Série Islande #11
LE DEHORS ABSOLU
Exhibition from 21st September to 3rd November 2007
Opening Thursday 20th September from 6 pm to 9 pm
Les filles du calvaire Gallery is pleased to present the solo exhibition of the French artist photographer Thibaut Cuisset dedicated to the double series from Iceland and Namibia desert: Le Dehors Absolu, two areas non modeled by the humankind.
[…] Up to now, then, Thibaut Cuisset was a photographer of landscapes. Yes, sometimes there were openings to something beyond, as at the end of the Paysages d’Italieseries (1993), where views of Calabria or Sicily suddenly revealed stretches of wilderness, rather like the final sequences of Pasolini’sTeorema, where we see the father staggering towards the ashes of Etna. But those views were in the end no more than visions of the frontiers and delimitation of the actual landscape – that in relation to which landscape can exist.
However with the double series presented here, showing the Icelandic coastal area (2000) and the Namib Desert (2004), we seem to be
completely in another country, out of the landscape. We could almost say, pushing the language a bit (but this would be more appropriate), that these are landescapephotographs. There are virtually no markers here; we seem to have entered an unknown exteriority, without the slightest sign of a frontier or trace of limitation. We may just make out a few electricity poles or a track in the desert that must enable transport or travel to some elsewhere, but this elsewhere is not in evidence and indeed we have no sense of where it
Thus there is nothing gratuitous in Cuisset’s title for this double series:Le dehors absolu.Absolute exteriority. The expression, of course, comes from Pessoa. Jean-Christophe Bailly used it in relation to Cuisset’s series of photographs of the Loire in a text that he entitled “La Loire deThibaut Cuisset” (2001). Pessoa uses these words inThe Book of Disquietto refer to the overwhelming emotion felt by the narrator when, leaving his home one day, hesees, as if for the first time, the sight of the city running down to the river (this happened, of course, in Lisbon) and experiences genuine ecstasy: pure exteriorisation, a movement out of the self.
But this emotion is more than inward, it is, to use Augustine’s words,interior intimo meo, more inward than my inner self, in that impossible place that Lacan calledextimité(extimacy), which prohibits any kind of return to the self, the place where, no doubt, the pure space of the outside is opened, in its very ab-soluteness – its undivided liberation, its detachment, its expanse and its extension that is always anterior, and as such cannot be appropriated or mastered.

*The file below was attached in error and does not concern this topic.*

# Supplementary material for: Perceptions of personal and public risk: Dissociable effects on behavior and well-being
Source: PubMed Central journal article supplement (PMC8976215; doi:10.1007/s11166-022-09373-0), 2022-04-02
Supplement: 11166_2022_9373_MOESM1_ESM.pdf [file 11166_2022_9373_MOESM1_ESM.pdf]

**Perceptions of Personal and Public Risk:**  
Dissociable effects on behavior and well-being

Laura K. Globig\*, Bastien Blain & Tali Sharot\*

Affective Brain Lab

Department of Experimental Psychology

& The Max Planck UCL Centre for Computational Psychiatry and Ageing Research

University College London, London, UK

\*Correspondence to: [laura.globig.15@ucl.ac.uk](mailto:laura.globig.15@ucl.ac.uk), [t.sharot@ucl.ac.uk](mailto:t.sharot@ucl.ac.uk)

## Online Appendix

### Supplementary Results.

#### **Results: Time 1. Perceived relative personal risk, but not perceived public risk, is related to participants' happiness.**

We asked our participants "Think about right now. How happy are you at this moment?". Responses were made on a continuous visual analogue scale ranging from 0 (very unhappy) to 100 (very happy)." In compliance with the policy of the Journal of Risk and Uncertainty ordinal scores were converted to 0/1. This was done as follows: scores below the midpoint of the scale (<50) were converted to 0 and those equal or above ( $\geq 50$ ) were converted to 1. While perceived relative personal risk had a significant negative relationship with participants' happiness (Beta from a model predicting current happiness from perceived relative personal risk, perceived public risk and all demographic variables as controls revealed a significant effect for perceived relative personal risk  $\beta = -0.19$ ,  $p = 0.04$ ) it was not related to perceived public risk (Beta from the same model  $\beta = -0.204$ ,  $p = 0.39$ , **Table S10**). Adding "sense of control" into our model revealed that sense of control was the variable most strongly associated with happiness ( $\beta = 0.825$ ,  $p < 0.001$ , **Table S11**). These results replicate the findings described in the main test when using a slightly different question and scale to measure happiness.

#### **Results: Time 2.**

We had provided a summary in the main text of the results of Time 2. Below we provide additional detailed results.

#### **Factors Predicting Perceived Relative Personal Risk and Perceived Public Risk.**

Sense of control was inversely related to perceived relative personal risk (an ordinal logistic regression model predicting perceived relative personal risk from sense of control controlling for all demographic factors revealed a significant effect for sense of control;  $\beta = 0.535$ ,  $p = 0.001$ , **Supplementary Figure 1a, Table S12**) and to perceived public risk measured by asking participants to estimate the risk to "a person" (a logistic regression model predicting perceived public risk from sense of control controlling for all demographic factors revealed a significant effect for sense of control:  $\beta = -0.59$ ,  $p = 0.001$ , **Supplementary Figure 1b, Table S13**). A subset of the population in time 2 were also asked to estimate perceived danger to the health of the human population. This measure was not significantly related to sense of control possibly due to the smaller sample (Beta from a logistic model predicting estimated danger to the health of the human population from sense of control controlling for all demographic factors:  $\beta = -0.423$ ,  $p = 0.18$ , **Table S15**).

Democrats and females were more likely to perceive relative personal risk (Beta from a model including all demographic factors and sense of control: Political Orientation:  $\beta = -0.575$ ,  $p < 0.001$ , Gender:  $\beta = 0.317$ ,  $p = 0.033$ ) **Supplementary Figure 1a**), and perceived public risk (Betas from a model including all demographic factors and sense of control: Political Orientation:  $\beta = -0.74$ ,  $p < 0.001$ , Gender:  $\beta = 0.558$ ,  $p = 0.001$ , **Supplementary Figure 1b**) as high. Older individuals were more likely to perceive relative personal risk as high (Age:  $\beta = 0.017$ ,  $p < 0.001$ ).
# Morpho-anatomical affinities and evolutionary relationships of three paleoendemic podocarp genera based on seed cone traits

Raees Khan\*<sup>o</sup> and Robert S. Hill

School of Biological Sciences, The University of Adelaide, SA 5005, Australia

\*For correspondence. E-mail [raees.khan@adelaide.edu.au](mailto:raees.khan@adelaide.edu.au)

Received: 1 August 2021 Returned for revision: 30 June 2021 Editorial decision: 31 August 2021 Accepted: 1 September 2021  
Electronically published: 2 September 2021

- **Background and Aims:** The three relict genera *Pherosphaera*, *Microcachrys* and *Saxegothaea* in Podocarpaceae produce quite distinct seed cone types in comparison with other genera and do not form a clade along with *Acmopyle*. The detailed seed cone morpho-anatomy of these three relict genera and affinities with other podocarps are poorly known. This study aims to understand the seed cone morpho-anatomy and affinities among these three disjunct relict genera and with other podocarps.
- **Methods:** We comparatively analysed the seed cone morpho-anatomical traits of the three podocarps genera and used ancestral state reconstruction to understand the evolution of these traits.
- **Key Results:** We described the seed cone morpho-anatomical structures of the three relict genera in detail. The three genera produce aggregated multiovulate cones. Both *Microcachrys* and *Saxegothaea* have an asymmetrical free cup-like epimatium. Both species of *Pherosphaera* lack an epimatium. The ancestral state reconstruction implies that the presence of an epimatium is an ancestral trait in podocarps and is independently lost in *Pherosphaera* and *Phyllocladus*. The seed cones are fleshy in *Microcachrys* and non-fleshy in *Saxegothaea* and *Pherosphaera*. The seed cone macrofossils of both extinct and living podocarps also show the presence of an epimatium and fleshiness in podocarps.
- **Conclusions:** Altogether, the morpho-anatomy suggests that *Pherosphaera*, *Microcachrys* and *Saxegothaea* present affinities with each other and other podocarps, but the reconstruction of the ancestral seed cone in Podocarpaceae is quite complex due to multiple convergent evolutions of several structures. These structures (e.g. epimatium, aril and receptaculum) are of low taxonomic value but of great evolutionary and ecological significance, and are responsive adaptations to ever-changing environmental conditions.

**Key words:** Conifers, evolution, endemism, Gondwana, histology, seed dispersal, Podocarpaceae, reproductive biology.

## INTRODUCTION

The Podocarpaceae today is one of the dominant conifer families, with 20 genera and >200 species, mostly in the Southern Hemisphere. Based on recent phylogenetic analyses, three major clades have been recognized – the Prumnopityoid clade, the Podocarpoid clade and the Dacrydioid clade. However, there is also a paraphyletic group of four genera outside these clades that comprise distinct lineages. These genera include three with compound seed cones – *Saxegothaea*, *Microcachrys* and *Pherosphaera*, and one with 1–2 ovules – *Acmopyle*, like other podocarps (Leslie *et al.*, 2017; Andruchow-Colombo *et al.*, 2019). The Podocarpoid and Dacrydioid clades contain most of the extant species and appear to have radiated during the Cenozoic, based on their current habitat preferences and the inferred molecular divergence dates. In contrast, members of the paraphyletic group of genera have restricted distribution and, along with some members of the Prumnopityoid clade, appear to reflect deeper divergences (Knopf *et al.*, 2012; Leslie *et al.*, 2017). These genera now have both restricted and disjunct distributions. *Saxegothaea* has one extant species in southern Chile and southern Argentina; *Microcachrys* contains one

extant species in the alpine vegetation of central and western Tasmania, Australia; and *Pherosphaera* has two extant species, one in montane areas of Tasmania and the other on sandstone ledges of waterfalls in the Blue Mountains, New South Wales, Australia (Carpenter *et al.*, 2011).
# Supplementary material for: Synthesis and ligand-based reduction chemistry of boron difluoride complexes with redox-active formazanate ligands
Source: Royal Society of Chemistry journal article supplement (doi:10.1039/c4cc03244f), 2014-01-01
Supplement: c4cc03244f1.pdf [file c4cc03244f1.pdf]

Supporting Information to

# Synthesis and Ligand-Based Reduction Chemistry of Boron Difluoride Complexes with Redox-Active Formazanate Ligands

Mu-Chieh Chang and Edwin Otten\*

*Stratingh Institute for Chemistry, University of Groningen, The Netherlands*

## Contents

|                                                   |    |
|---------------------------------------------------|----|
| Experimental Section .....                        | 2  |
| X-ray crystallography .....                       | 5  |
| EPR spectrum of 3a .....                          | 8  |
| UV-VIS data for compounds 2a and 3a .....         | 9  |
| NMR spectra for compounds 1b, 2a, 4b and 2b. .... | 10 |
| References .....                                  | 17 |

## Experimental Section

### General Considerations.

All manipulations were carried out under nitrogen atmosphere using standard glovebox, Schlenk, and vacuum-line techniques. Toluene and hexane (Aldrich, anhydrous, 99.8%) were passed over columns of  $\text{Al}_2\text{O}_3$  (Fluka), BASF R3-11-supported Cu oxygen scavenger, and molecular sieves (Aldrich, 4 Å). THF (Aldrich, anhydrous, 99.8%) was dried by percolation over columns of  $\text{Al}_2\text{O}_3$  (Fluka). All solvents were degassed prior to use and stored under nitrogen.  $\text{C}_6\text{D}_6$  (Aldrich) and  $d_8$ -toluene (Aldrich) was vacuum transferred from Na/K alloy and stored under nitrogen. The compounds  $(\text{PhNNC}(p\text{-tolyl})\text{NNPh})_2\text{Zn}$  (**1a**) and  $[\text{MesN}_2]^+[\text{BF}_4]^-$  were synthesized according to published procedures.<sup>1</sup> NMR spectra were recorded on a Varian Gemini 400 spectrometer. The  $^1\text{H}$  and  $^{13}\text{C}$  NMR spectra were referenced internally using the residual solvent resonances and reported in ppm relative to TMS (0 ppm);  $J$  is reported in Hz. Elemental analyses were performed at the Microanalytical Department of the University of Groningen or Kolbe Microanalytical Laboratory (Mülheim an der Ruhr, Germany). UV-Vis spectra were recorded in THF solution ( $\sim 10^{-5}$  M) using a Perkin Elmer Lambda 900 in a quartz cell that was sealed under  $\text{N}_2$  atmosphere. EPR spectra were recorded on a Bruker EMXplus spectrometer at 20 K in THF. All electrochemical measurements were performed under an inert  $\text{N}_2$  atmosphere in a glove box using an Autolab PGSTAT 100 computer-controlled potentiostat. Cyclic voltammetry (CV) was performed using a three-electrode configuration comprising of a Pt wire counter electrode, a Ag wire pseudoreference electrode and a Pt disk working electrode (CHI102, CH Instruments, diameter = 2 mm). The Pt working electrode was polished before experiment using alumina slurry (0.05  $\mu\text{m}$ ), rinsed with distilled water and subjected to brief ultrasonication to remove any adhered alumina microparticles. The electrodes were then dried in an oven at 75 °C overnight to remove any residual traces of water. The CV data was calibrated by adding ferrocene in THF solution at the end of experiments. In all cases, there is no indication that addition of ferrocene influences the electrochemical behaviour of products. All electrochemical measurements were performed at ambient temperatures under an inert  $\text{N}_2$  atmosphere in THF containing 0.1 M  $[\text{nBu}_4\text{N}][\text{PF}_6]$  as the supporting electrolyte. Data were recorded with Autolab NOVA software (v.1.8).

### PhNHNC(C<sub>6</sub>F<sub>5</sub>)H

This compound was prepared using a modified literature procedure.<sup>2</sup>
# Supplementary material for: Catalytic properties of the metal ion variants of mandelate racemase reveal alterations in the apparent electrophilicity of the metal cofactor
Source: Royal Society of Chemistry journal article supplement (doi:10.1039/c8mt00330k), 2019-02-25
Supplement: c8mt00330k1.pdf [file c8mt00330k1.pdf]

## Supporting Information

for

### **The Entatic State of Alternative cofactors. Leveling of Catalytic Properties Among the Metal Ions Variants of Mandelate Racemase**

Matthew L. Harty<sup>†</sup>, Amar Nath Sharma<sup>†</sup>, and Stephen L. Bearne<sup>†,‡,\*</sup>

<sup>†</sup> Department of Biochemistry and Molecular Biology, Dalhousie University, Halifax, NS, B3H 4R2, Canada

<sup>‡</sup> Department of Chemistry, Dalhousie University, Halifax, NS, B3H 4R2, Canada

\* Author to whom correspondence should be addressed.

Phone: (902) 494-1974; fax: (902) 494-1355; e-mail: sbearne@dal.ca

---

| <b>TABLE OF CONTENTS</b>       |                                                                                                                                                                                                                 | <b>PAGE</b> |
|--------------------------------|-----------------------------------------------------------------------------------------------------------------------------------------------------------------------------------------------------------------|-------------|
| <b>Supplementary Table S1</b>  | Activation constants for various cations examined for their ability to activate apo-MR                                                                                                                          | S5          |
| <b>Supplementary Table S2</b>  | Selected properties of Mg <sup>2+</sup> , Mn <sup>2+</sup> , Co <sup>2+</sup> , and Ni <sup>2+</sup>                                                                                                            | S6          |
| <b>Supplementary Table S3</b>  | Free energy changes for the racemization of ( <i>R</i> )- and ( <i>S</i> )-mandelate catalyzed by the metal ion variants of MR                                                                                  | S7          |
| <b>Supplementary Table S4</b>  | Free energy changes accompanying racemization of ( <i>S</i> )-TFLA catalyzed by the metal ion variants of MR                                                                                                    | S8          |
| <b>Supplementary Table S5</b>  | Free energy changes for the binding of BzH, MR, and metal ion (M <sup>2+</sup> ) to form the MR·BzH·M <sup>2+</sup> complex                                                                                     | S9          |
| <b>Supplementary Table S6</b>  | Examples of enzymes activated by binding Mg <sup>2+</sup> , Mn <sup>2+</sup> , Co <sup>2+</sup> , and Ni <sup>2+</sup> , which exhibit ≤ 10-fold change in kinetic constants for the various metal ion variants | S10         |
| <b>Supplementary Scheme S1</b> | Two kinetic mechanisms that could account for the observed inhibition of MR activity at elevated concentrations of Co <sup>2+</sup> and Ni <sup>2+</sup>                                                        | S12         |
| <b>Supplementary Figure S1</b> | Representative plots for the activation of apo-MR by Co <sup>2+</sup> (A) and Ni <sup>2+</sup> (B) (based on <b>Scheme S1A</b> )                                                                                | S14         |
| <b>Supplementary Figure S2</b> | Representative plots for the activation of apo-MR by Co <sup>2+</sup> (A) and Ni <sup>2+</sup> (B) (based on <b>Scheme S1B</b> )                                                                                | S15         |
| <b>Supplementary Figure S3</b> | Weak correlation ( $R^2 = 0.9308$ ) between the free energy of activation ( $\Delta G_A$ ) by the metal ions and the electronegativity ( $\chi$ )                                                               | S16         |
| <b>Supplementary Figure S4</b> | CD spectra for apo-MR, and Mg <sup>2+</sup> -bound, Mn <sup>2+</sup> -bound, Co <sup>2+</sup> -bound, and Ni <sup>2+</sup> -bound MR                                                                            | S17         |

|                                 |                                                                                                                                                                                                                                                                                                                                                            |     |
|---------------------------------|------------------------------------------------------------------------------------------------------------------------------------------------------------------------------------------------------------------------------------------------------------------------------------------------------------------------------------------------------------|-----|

« Psyche is expanse. Doesn’t know a thing », says a totally enigmatic posthumous note by Freud.
Sill, that is perhaps also what is at issue here.
For what happens when Cuisset tries a change of scene (dépaysement), as a go atlandescape (dépaysagement)? Already, when he was photographing landscapes, he was always careful to avoid any suggestion of the sentimental or picturesque – the vaguely “Romantic” silliness of the landscape as “mood painting”, as projection or reflection.
That indeed is precisely why Jean-Christophe Bailly invoked the category of “absolute exteriority”. Cuisset’s manner, which is so immediately recognisable, his eminently singular art, consisted in responding as rigorously and plainly as possible to what was seen by the lens’s view(finder); in other words, in objectifying the view that was offered, in immobilising and fixing, in a suspended moment, the landscape, thereby wresting it from any determination other than its pure and simple being-there. Hence, also, the strangeness and fascination of these images, which are like what in cinema are called still shots, but isolated from the moving continuum and from the life that are the sole conditions for constituting their fixity.
An immobile cinematographer is, by definition, an impossibility. It is an absurdity.
Further – but this is obvious –, however still they may be, these cinema shots can never fix what they record, cannot fix, for example – and since we are talking about landscape – the grass bending in the wind and the quivering leaves, the clouds moving across the sky, fleeting shadows on the ground. Unless, that is, a real photograph is inserted. It sometimes happens. But a cinema without what Deleuze called “the movement-image” is a pure impossibility.
Now, perhaps it is this same impossibility that the test oflandescapeconfronts, and that makes them, in relation to photography itself, a limit experience.
Extract from the text of Philippe Lacoue – Labarthe,
Thibaut Cuisset, Le Dehors Absolu, Filigranes Editions, 2005